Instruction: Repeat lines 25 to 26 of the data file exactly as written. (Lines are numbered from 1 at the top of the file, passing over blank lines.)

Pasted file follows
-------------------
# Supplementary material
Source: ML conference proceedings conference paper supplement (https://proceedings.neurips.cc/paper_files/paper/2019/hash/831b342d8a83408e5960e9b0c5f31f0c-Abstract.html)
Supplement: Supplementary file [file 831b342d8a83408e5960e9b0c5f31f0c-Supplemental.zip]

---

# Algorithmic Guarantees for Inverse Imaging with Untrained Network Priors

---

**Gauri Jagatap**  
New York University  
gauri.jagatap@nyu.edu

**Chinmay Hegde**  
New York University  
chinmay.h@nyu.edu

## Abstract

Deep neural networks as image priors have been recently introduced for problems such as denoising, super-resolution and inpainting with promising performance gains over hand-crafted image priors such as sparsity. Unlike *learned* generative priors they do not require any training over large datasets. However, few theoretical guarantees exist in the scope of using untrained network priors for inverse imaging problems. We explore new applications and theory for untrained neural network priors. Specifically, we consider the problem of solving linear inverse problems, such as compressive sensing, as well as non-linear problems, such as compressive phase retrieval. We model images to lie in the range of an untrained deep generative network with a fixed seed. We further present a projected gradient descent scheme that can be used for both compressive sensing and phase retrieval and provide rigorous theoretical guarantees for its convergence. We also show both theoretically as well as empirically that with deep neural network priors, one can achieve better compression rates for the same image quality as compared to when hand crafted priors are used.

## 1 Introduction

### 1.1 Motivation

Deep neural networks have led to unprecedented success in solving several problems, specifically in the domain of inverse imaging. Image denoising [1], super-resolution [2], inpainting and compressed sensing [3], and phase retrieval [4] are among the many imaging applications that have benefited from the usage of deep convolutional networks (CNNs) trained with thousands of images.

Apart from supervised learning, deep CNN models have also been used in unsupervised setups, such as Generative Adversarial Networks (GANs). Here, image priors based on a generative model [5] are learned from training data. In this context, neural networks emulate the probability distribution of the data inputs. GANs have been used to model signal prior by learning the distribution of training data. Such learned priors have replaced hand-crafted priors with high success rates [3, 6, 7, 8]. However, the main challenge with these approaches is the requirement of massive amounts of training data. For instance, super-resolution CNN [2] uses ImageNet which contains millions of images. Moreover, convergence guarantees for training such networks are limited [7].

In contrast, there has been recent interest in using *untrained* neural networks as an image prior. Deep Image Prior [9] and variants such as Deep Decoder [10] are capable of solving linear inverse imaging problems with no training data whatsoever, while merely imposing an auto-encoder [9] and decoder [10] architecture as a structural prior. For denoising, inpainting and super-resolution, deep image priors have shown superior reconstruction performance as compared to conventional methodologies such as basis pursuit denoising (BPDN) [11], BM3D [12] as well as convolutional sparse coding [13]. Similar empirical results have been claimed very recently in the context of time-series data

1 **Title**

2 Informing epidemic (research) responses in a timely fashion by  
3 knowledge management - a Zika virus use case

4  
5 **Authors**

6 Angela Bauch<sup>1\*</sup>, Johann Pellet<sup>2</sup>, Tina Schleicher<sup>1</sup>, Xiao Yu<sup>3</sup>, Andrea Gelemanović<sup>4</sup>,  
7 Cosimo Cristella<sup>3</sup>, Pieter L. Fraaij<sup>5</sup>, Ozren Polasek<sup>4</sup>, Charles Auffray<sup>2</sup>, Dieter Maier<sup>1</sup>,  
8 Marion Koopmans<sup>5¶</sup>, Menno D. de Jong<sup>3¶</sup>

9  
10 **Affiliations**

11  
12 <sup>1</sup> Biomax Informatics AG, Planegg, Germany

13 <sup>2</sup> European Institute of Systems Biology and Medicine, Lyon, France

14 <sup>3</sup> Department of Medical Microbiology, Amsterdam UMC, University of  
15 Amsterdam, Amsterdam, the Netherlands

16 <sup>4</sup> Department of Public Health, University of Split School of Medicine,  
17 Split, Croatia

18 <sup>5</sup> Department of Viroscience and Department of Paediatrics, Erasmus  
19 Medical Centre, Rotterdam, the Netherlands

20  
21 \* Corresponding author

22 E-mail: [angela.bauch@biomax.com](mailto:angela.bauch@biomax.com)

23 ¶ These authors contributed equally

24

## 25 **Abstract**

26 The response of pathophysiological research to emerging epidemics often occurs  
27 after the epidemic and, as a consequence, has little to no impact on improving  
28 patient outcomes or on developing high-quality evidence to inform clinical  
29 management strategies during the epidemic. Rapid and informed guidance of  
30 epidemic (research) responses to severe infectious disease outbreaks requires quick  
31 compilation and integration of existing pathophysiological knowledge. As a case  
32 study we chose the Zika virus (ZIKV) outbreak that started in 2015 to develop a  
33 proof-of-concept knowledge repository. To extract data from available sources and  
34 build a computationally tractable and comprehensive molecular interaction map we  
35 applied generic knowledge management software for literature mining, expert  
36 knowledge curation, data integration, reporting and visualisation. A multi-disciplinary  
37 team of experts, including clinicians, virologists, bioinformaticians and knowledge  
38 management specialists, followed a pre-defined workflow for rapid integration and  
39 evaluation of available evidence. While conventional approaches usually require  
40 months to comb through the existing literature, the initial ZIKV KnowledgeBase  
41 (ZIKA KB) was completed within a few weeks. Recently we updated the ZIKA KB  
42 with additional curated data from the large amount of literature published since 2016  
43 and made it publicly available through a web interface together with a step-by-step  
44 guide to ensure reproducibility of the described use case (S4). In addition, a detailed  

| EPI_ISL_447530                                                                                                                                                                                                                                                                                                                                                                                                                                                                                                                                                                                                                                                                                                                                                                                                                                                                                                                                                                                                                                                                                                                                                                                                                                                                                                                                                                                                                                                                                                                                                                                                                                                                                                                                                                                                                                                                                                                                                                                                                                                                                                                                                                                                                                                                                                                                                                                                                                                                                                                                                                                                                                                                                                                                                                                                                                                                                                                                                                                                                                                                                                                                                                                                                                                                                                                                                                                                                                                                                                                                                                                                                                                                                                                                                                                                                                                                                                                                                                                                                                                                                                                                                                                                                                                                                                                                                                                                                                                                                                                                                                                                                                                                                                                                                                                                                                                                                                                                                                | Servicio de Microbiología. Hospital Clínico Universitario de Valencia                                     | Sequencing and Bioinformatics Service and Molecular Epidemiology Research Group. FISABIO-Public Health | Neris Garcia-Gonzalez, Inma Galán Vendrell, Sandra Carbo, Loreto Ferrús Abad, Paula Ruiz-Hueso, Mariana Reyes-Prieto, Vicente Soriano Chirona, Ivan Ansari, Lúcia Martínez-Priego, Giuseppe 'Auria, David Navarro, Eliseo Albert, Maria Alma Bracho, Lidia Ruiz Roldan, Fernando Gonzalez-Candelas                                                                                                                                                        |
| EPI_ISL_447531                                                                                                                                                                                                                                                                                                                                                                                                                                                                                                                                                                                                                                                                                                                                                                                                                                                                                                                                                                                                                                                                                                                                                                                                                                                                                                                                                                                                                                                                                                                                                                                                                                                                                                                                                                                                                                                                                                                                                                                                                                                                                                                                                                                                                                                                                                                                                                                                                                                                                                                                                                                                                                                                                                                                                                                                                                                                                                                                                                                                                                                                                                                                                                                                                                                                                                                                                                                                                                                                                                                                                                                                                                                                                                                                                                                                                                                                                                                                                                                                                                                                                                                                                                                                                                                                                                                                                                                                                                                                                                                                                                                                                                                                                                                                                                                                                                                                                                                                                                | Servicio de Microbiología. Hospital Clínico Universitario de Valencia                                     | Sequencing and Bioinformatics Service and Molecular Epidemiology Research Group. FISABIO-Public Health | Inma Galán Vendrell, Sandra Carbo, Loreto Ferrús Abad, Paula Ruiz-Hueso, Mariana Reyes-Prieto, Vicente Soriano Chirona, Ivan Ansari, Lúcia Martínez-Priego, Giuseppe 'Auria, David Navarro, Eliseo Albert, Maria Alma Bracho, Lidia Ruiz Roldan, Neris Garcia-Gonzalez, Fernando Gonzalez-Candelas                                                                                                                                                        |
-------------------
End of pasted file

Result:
6 Angela Bauch<sup>1\*</sup>, Johann Pellet<sup>2</sup>, Tina Schleicher<sup>1</sup>, Xiao Yu<sup>3</sup>, Andrea Gelemanović<sup>4</sup>,  
7 Cosimo Cristella<sup>3</sup>, Pieter L. Fraaij<sup>5</sup>, Ozren Polasek<sup>4</sup>, Charles Auffray<sup>2</sup>, Dieter Maier<sup>1</sup>,  